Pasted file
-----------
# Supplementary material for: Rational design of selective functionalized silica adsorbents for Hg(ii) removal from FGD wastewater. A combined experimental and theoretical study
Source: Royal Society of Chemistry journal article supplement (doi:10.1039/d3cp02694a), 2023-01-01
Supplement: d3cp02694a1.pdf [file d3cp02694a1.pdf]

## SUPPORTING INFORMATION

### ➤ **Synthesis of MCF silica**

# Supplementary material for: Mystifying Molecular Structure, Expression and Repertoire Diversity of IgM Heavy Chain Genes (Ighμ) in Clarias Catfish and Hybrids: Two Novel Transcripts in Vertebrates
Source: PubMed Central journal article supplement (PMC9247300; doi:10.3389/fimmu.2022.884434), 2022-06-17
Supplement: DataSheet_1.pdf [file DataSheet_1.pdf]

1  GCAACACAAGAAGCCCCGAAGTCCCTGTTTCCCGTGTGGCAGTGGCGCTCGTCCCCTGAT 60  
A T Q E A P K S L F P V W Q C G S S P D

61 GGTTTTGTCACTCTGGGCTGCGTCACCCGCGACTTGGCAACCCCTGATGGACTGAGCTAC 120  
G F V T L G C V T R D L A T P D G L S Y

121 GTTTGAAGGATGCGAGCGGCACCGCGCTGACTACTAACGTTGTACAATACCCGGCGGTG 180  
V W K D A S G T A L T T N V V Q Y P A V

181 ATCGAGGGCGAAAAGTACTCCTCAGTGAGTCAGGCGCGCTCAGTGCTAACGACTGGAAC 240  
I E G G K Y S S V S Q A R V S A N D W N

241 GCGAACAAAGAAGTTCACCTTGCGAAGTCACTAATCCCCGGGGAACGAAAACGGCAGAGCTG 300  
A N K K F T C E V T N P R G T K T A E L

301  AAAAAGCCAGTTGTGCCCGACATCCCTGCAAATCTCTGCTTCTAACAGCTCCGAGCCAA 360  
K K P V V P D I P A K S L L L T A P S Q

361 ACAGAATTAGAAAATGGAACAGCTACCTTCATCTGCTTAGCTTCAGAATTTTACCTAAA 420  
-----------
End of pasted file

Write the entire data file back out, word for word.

# Supplementary material for: Rational design of selective functionalized silica adsorbents for Hg(ii) removal from FGD wastewater. A combined experimental and theoretical study
Source: Royal Society of Chemistry journal article supplement (doi:10.1039/d3cp02694a), 2023-01-01
Supplement: d3cp02694a1.pdf [file d3cp02694a1.pdf]

## SUPPORTING INFORMATION

### ➤ **Synthesis of MCF silica**

# Supplementary material for: Mystifying Molecular Structure, Expression and Repertoire Diversity of IgM Heavy Chain Genes (Ighμ) in Clarias Catfish and Hybrids: Two Novel Transcripts in Vertebrates
Source: PubMed Central journal article supplement (PMC9247300; doi:10.3389/fimmu.2022.884434), 2022-06-17
Supplement: DataSheet_1.pdf [file DataSheet_1.pdf]

1  GCAACACAAGAAGCCCCGAAGTCCCTGTTTCCCGTGTGGCAGTGGCGCTCGTCCCCTGAT 60  
A T Q E A P K S L F P V W Q C G S S P D

61 GGTTTTGTCACTCTGGGCTGCGTCACCCGCGACTTGGCAACCCCTGATGGACTGAGCTAC 120  
G F V T L G C V T R D L A T P D G L S Y

121 GTTTGAAGGATGCGAGCGGCACCGCGCTGACTACTAACGTTGTACAATACCCGGCGGTG 180  
V W K D A S G T A L T T N V V Q Y P A V

181 ATCGAGGGCGAAAAGTACTCCTCAGTGAGTCAGGCGCGCTCAGTGCTAACGACTGGAAC 240  
I E G G K Y S S V S Q A R V S A N D W N

241 GCGAACAAAGAAGTTCACCTTGCGAAGTCACTAATCCCCGGGGAACGAAAACGGCAGAGCTG 300  
A N K K F T C E V T N P R G T K T A E L

301  AAAAAGCCAGTTGTGCCCGACATCCCTGCAAATCTCTGCTTCTAACAGCTCCGAGCCAA 360  
K K P V V P D I P A K S L L L T A P S Q

361 ACAGAATTAGAAAATGGAACAGCTACCTTCATCTGCTTAGCTTCAGAATTTTACCTAAA 420  